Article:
By: Bryan Pride, Peace Corps Volunteer, Ghana
Imet the Lamini family the first day I arrived in my rural community of northern Ghana in 2015. Little did I know that this family of farmers would be the early adopters needed to increase availability and access to food in their own community.
Access to affordable and nutritious food was a common struggle in our community. Rates of chronic malnutrition are higher in the northern region of Ghana, especially among children, and many people are considered food insecure. The dry season in this region is also known as the “hunger months” because without rain, families are unable to cultivate new crops for up to six months.
As parents to six children and leaders in the community, my Ghanaian counterpart Adams Lamini and his wife Ashia knew something had to be done to improve access to nutritious food. Together, we constructed a large garden with local crops like ayoy, groundnuts and eggplant to grow more nutritious food for the family. Soon after, community members started visiting the garden to ask questions about what we were growing and how to use new crops they had never seen in their community, like carrots and squash.
Interested in learning more about gardening, I took Ashia, who doesn’t read or write, and her youngest son Yusef to a nutrition training for women hosted by Feed the Future. It took us a full day to travel to the rural training facility outside of Tamale, the Northern Region capitol, but the journey was well worth it. The training taught participants cooking methods that improve the nutritional content of traditional dishes. Ashia immediately began using what she learned at home and to teach women in the community. After seeing the community interest in the cooking techniques, Ashia and I successfully applied for a Feed the Future-funded grant to plant a community garden so that community members could learn how to grow a wider variety of vegetables for themselves.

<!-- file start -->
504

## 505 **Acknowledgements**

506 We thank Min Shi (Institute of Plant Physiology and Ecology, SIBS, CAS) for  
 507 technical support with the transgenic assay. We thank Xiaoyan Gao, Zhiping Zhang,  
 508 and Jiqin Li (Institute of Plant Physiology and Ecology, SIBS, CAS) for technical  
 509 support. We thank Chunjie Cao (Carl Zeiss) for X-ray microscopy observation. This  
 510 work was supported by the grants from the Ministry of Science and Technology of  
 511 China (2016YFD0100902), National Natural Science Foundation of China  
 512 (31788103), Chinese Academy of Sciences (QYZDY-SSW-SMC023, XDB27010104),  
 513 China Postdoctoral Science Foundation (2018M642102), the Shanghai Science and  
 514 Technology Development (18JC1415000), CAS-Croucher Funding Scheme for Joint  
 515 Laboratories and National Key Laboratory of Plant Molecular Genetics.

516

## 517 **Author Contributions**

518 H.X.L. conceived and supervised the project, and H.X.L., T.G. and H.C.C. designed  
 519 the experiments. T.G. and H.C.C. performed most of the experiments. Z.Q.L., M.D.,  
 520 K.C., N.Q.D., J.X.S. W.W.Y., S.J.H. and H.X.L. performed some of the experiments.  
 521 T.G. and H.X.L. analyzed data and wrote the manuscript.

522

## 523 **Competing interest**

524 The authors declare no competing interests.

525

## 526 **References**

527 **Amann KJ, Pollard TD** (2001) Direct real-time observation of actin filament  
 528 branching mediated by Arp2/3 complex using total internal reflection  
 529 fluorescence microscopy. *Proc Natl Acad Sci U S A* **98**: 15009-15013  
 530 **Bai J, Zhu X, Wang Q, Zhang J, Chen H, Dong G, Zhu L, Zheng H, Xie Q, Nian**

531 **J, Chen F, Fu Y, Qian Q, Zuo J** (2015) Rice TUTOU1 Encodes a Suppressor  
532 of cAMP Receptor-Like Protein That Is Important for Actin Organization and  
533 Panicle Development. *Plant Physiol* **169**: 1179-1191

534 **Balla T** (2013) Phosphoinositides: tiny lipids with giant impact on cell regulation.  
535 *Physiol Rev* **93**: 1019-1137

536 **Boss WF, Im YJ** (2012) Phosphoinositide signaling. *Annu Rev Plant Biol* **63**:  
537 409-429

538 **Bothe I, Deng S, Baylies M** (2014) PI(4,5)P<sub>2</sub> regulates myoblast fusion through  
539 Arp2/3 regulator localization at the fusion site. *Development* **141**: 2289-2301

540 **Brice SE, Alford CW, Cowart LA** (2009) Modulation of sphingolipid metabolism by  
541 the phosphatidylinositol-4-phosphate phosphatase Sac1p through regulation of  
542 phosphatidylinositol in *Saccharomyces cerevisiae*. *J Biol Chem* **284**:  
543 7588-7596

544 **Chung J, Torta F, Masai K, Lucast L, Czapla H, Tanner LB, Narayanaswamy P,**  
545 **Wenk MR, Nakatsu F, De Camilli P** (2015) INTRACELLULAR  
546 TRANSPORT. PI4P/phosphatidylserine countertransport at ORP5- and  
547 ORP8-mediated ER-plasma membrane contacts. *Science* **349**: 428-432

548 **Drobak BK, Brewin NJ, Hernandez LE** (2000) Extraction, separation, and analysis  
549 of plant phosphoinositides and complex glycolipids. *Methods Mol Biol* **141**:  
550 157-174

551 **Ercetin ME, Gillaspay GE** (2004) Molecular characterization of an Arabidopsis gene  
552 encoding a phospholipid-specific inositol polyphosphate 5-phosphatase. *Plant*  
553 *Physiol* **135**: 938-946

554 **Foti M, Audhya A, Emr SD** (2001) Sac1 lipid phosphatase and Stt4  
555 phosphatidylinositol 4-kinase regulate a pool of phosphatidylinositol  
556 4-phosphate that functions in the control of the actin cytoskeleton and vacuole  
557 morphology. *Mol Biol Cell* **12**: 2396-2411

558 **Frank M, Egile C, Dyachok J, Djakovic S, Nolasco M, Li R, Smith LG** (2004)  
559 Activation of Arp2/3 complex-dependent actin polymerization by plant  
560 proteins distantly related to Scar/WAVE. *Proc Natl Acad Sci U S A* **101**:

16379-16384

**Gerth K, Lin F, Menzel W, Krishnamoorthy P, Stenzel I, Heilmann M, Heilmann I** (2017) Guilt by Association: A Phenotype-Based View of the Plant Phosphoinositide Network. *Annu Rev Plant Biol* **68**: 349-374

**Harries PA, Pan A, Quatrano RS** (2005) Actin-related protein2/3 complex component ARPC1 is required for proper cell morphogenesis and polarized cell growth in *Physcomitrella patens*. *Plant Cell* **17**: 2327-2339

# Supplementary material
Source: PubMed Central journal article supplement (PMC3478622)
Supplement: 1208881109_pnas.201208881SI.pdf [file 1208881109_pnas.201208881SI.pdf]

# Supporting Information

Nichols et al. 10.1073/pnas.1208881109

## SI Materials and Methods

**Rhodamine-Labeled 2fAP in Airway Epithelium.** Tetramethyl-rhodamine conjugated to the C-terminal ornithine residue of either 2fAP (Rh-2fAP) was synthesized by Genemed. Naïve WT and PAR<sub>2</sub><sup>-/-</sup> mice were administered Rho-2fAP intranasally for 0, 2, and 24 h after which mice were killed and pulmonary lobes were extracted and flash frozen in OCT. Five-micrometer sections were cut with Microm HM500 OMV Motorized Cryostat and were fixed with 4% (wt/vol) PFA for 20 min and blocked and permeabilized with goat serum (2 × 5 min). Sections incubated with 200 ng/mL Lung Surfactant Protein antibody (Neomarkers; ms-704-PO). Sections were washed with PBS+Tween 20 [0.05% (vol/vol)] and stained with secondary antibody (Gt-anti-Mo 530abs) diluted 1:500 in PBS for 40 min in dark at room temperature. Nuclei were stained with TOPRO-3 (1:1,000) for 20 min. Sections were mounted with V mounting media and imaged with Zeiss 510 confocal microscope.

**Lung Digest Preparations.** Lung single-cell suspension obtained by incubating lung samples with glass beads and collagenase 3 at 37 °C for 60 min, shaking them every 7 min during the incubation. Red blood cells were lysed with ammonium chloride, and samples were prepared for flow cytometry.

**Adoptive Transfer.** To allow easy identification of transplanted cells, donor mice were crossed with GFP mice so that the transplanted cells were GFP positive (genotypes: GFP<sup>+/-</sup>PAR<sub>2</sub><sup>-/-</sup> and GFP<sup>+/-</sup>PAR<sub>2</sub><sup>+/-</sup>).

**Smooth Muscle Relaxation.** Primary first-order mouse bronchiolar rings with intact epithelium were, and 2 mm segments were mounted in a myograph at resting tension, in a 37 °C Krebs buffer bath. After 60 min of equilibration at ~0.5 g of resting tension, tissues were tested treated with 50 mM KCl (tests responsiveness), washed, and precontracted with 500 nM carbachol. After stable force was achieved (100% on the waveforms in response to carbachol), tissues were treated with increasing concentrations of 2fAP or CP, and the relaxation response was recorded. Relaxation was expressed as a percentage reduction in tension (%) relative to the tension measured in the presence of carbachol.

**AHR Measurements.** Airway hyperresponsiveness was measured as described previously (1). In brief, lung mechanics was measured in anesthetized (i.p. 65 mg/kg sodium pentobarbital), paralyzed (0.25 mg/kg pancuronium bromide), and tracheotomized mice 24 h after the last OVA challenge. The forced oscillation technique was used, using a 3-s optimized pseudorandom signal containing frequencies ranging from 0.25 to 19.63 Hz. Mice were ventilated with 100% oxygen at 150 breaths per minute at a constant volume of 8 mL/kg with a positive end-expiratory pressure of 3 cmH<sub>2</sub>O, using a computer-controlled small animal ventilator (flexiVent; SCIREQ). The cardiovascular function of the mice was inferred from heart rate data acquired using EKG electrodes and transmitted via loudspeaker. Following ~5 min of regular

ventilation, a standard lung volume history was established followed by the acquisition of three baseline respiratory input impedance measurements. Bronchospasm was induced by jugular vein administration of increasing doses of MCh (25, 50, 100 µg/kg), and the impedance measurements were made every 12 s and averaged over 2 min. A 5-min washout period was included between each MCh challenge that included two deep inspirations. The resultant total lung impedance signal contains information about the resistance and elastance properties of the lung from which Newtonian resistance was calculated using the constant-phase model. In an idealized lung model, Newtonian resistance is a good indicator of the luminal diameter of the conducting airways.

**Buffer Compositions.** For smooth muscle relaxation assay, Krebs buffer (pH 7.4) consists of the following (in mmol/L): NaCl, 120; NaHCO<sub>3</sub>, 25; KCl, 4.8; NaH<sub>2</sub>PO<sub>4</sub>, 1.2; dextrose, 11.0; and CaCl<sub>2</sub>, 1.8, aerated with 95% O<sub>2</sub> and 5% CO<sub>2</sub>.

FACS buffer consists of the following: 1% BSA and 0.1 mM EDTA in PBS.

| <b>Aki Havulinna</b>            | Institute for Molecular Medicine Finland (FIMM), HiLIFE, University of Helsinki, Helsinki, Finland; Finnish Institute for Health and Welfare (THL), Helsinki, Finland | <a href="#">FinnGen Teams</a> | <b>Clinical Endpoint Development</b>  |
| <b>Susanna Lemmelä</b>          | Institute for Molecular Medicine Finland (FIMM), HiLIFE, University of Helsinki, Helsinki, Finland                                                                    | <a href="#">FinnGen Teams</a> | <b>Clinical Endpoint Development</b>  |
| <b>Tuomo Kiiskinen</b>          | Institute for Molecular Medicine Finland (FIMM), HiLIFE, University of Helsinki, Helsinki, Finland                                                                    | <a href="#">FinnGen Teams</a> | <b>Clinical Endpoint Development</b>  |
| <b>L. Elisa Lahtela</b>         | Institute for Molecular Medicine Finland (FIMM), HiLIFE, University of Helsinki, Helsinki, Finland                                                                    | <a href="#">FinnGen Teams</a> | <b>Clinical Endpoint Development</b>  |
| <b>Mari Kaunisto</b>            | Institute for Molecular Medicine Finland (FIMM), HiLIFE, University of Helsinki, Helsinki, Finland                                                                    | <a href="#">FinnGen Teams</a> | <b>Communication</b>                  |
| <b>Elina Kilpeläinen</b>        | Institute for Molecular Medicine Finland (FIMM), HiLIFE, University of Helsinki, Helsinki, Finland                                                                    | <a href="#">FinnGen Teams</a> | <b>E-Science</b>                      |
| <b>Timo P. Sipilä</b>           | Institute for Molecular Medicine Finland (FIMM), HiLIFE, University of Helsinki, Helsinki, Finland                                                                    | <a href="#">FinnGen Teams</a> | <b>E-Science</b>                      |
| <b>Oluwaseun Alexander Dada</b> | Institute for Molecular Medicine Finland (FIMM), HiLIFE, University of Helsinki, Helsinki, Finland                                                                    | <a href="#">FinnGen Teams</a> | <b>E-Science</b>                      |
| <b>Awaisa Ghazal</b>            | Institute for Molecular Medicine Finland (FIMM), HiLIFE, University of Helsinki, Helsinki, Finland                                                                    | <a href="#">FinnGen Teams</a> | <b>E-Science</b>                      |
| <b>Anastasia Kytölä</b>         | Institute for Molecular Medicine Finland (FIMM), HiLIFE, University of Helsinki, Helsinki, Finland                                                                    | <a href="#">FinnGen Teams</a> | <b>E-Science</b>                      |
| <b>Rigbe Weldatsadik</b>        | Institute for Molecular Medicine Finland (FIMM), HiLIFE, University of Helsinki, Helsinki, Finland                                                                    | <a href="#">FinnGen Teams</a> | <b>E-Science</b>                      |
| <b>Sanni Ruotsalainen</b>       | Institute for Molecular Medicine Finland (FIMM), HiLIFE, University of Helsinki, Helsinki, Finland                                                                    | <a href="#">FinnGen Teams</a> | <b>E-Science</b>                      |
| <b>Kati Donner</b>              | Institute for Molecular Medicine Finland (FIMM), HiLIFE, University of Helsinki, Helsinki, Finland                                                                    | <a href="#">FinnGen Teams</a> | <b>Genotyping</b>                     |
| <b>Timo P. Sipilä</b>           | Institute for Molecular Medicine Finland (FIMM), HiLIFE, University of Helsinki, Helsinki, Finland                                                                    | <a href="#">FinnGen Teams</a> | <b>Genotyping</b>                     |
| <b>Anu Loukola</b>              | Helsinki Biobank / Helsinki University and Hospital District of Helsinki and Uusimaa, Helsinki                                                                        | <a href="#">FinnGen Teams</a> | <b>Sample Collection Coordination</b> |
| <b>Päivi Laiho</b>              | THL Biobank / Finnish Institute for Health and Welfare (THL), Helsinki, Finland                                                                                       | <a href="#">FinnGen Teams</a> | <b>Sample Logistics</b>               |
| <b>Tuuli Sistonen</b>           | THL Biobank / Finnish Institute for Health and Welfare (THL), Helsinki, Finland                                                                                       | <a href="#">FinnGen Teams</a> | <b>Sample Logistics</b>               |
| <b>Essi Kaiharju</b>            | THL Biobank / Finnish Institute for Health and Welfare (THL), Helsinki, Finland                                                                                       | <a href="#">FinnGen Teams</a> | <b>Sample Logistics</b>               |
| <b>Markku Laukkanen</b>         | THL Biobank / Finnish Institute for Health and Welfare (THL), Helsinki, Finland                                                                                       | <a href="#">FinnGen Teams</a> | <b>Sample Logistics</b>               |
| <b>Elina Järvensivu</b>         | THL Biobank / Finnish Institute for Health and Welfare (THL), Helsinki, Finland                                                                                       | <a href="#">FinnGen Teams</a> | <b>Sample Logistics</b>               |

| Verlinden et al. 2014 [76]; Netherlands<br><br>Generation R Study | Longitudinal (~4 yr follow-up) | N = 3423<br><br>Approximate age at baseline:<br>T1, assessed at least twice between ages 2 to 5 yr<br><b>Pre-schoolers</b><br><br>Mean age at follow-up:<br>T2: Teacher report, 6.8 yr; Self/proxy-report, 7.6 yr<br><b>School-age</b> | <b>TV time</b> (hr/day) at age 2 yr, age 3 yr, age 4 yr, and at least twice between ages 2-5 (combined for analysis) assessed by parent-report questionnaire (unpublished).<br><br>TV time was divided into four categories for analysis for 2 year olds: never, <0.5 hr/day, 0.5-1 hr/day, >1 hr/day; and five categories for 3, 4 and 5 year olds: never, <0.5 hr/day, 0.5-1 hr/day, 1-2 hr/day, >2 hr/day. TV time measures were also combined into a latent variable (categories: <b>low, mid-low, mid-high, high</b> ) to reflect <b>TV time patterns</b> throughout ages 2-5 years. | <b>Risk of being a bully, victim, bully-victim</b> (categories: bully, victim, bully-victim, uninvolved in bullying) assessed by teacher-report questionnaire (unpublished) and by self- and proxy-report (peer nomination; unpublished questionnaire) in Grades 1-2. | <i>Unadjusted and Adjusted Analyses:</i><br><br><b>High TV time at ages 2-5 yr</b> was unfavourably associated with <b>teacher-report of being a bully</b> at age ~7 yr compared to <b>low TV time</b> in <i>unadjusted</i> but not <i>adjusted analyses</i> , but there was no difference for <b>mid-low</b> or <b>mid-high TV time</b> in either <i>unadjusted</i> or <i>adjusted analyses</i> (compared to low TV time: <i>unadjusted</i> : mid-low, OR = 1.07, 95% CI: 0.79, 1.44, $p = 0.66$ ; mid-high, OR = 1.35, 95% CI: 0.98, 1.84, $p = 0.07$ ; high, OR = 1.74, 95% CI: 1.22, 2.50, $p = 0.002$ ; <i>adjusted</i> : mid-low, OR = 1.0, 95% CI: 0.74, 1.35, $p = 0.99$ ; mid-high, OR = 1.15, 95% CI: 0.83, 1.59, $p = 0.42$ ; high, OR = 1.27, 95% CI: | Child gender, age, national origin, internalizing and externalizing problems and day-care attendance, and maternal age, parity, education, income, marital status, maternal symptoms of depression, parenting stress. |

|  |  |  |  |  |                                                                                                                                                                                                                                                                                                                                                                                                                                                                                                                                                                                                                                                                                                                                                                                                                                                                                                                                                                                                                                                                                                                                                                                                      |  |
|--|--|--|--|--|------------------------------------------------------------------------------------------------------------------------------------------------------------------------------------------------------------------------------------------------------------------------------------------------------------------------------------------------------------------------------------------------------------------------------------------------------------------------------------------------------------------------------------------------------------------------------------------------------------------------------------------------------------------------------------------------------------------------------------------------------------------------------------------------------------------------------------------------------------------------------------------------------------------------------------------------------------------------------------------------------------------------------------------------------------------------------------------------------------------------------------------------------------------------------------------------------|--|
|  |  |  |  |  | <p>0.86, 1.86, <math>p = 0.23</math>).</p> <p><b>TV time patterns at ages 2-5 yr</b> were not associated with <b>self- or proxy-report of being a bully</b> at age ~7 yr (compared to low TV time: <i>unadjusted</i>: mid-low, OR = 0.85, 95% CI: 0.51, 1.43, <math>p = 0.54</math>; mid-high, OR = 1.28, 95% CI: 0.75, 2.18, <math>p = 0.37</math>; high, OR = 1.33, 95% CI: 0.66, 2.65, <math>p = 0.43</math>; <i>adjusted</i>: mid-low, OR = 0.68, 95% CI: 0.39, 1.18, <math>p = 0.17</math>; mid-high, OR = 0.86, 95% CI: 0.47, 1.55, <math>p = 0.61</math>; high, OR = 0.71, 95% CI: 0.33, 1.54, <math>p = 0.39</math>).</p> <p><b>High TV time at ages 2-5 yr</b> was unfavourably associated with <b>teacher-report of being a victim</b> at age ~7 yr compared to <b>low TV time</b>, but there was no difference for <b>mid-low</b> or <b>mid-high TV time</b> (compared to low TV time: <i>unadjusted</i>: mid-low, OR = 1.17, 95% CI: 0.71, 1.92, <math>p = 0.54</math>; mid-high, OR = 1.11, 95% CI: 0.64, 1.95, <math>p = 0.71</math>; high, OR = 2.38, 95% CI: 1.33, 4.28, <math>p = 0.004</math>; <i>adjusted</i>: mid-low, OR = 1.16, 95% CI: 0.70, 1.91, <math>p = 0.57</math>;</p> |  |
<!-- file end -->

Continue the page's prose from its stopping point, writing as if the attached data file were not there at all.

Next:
We also hosted several cooking demonstrations using ingredients we grew to show women how to prepare koko (porridge), a local dish, with vegetables to increase vitamins and nutrients in the porridge, especially for young children. Eighty mothers of all ages came to our first cooking demonstration to watch as Ashia prepared a mango yam koko with coolicooli (groundnut powder) and moringa powder. The porridge we made transformed a staple dish into a nutritious and enjoyable meal for young children that combines the three food groups of Ghana: Go (carbohydrates), Grow (proteins) and Glow (fruits and vegetables).
But most importantly, the cooking demonstrations provided mothers an opportunity to gain confidence and skills to improve nutrition for their children. Many women in Ashia’s community are not able to get the help they need to fight malnutrition in their children and often times, they are targeted as bad mothers when their children fall sick. “If you are truly excited about the porridge and the nutrition of your children,” Aisha told the women, “you should take what you learned and practice it at home.” With Ashia’s encouragement and through her cooking demonstrations, mothers in the community now have a safe place to learn all about nutritional cooking free from judgement.
Ashia served as an inspiration to me throughout my service, and still leads cooking demonstrations today. She is proud that she is able to create a safe space for women and that despite her lack of formal education, she can take what she learned about nutrition and uses it to educate the women throughout the community. For me though, the most rewarding part of this transformation was hearing Ashia talk about the changes she saw in her own family. Yusef used to fall ill frequently without explanation. Now thanks to the nutritive cooking methods she uses at home, his health improved and his weight increased. Better nutrition really can start in your coal pot.
More About the Volunteer
Bryan Pride, a California native, began his service as an agriculture Volunteer in Ghana in October 2015. His service has focused on working to empower women to create food secure families. Bryan hopes to continue working in the field of food security upon completion of his service.